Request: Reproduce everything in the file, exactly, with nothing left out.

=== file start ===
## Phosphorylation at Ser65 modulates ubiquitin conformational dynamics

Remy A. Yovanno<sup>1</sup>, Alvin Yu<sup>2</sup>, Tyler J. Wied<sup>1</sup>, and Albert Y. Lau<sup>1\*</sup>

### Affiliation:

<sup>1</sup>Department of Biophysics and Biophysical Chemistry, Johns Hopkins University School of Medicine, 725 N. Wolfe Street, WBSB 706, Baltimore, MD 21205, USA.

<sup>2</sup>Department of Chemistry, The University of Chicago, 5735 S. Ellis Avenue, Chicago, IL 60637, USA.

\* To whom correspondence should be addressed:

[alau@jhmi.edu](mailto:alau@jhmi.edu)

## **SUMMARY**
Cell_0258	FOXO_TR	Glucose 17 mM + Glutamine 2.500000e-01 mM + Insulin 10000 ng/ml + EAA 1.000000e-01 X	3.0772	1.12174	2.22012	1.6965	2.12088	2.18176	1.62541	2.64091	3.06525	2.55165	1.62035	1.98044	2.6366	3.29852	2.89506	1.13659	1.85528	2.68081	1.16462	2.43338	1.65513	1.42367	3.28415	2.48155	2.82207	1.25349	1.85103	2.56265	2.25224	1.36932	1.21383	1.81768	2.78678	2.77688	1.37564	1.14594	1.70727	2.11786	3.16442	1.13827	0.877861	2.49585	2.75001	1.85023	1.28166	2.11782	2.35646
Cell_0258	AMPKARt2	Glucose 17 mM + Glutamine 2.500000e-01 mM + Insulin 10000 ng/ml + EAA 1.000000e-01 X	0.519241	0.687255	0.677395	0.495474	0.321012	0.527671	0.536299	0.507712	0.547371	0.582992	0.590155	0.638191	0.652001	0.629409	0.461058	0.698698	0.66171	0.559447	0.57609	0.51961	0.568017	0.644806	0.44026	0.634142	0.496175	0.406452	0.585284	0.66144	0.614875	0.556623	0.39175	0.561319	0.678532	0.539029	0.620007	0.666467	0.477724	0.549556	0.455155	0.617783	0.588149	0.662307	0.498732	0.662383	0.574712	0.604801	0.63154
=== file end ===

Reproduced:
## Phosphorylation at Ser65 modulates ubiquitin conformational dynamics

Remy A. Yovanno<sup>1</sup>, Alvin Yu<sup>2</sup>, Tyler J. Wied<sup>1</sup>, and Albert Y. Lau<sup>1\*</sup>

### Affiliation:

<sup>1</sup>Department of Biophysics and Biophysical Chemistry, Johns Hopkins University School of Medicine, 725 N. Wolfe Street, WBSB 706, Baltimore, MD 21205, USA.

<sup>2</sup>Department of Chemistry, The University of Chicago, 5735 S. Ellis Avenue, Chicago, IL 60637, USA.

\* To whom correspondence should be addressed:

[alau@jhmi.edu](mailto:alau@jhmi.edu)

## **SUMMARY**
Cell_0258	FOXO_TR	Glucose 17 mM + Glutamine 2.500000e-01 mM + Insulin 10000 ng/ml + EAA 1.000000e-01 X	3.0772	1.12174	2.22012	1.6965	2.12088	2.18176	1.62541	2.64091	3.06525	2.55165	1.62035	1.98044	2.6366	3.29852	2.89506	1.13659	1.85528	2.68081	1.16462	2.43338	1.65513	1.42367	3.28415	2.48155	2.82207	1.25349	1.85103	2.56265	2.25224	1.36932	1.21383	1.81768	2.78678	2.77688	1.37564	1.14594	1.70727	2.11786	3.16442	1.13827	0.877861	2.49585	2.75001	1.85023	1.28166	2.11782	2.35646
Cell_0258	AMPKARt2	Glucose 17 mM + Glutamine 2.500000e-01 mM + Insulin 10000 ng/ml + EAA 1.000000e-01 X	0.519241	0.687255	0.677395	0.495474	0.321012	0.527671	0.536299	0.507712	0.547371	0.582992	0.590155	0.638191	0.652001	0.629409	0.461058	0.698698	0.66171	0.559447	0.57609	0.51961	0.568017	0.644806	0.44026	0.634142	0.496175	0.406452	0.585284	0.66144	0.614875	0.556623	0.39175	0.561319	0.678532	0.539029	0.620007	0.666467	0.477724	0.549556	0.455155	0.617783	0.588149	0.662307	0.498732	0.662383	0.574712	0.604801	0.63154